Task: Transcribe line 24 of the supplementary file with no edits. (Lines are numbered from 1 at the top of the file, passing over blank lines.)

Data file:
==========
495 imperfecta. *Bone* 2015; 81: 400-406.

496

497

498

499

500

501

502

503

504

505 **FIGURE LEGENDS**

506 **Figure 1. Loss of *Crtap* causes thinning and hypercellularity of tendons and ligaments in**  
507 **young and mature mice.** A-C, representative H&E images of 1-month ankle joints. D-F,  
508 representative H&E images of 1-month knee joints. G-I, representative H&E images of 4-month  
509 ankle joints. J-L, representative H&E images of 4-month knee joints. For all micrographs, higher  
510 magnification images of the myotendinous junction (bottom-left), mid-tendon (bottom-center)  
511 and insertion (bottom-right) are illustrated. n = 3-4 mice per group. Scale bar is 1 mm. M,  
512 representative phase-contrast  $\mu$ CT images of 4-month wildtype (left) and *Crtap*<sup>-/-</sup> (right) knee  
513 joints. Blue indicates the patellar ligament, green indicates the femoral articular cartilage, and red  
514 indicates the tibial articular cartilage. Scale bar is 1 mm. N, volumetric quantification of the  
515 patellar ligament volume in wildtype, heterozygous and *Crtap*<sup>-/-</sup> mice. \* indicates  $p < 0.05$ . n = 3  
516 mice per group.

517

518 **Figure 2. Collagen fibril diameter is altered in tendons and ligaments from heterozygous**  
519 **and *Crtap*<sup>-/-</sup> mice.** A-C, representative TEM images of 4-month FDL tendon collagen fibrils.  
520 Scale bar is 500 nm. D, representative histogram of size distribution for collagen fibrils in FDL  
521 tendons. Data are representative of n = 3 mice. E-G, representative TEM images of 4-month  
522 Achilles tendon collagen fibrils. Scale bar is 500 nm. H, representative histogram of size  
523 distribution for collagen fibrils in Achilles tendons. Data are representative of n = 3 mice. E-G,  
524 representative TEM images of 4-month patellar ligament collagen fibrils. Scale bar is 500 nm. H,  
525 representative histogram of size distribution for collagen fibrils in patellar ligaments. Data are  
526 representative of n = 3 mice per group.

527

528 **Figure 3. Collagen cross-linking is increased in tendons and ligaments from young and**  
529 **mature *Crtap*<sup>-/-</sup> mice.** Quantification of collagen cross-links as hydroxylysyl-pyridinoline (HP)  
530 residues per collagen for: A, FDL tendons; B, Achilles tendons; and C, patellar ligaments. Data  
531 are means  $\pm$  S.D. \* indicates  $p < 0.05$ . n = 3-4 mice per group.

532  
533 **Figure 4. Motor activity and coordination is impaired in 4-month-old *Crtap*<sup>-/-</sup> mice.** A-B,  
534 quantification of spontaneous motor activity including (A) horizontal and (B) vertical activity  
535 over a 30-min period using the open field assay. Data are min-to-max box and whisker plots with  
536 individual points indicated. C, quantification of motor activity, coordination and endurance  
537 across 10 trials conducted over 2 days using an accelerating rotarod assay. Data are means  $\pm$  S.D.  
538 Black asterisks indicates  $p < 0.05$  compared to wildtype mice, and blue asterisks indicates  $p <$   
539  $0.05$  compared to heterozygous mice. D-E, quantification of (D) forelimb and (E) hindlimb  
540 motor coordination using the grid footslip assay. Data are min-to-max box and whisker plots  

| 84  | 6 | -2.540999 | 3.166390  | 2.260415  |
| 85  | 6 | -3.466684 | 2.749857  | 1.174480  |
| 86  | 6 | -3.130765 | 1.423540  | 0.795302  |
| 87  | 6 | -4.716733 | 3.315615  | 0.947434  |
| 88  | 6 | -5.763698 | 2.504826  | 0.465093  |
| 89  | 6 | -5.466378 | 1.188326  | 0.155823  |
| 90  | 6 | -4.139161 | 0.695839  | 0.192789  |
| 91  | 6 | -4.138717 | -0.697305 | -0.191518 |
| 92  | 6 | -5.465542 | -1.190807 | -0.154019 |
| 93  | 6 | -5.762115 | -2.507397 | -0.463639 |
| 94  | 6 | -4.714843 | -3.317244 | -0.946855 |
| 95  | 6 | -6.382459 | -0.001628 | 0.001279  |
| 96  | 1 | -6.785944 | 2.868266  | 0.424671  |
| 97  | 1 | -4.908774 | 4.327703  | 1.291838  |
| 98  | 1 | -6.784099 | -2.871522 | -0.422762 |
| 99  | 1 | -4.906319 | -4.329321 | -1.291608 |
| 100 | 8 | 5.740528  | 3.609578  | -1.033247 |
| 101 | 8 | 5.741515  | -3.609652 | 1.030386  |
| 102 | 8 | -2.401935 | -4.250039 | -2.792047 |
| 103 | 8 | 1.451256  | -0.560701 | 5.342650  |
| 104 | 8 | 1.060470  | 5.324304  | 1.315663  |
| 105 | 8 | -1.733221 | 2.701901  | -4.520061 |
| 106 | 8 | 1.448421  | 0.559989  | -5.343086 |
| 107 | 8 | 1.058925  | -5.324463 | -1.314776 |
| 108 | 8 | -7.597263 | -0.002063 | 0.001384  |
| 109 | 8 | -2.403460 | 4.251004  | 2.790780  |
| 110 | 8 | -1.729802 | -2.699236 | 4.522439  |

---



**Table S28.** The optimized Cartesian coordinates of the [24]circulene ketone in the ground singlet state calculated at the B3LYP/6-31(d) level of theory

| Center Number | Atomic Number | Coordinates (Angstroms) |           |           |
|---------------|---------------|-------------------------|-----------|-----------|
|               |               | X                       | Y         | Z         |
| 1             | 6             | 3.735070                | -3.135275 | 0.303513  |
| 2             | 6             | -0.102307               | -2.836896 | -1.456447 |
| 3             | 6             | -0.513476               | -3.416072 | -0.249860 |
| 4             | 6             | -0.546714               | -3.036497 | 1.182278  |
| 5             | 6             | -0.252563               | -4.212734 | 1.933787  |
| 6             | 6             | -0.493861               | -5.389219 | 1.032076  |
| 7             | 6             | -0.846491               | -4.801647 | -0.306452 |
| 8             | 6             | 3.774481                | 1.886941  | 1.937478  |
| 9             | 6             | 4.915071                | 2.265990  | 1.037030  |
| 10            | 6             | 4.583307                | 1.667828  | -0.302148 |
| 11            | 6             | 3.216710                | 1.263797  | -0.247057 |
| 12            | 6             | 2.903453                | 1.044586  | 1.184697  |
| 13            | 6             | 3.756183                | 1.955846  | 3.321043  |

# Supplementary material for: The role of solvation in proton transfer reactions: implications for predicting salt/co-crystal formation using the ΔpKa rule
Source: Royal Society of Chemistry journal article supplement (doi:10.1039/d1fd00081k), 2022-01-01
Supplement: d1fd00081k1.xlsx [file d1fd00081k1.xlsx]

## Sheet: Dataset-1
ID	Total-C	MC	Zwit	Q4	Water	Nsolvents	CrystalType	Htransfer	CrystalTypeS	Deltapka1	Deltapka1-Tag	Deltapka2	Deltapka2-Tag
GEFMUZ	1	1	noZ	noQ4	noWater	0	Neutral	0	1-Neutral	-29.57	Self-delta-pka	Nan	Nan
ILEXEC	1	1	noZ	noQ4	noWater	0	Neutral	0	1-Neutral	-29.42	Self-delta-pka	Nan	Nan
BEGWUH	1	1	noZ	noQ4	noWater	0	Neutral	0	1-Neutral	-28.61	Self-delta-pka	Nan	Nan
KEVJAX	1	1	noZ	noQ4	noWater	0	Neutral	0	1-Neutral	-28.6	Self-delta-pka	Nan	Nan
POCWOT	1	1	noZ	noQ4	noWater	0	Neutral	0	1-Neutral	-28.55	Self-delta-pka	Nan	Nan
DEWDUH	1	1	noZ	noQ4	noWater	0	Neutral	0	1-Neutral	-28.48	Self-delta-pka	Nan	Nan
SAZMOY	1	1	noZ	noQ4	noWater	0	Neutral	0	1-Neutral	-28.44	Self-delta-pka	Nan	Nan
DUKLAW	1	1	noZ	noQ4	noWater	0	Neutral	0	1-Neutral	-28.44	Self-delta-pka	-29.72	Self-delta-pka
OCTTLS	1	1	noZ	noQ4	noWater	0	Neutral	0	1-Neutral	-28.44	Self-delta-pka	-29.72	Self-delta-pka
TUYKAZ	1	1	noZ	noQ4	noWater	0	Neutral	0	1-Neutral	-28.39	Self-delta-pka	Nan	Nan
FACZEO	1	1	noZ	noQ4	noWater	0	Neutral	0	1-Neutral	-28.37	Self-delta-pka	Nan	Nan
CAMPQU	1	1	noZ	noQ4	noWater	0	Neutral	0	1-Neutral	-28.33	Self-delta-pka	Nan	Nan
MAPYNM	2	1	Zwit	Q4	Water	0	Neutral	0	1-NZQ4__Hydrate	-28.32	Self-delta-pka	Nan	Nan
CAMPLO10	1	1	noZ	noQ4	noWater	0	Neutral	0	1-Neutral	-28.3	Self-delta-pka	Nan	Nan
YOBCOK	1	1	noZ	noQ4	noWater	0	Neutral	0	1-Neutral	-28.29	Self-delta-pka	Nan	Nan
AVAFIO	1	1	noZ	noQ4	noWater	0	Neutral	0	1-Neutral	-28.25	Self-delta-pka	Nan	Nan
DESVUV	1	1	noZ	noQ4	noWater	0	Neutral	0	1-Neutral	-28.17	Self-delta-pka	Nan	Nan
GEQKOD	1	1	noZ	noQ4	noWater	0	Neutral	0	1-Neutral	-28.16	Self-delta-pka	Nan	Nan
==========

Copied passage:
518 **Figure 2. Collagen fibril diameter is altered in tendons and ligaments from heterozygous**  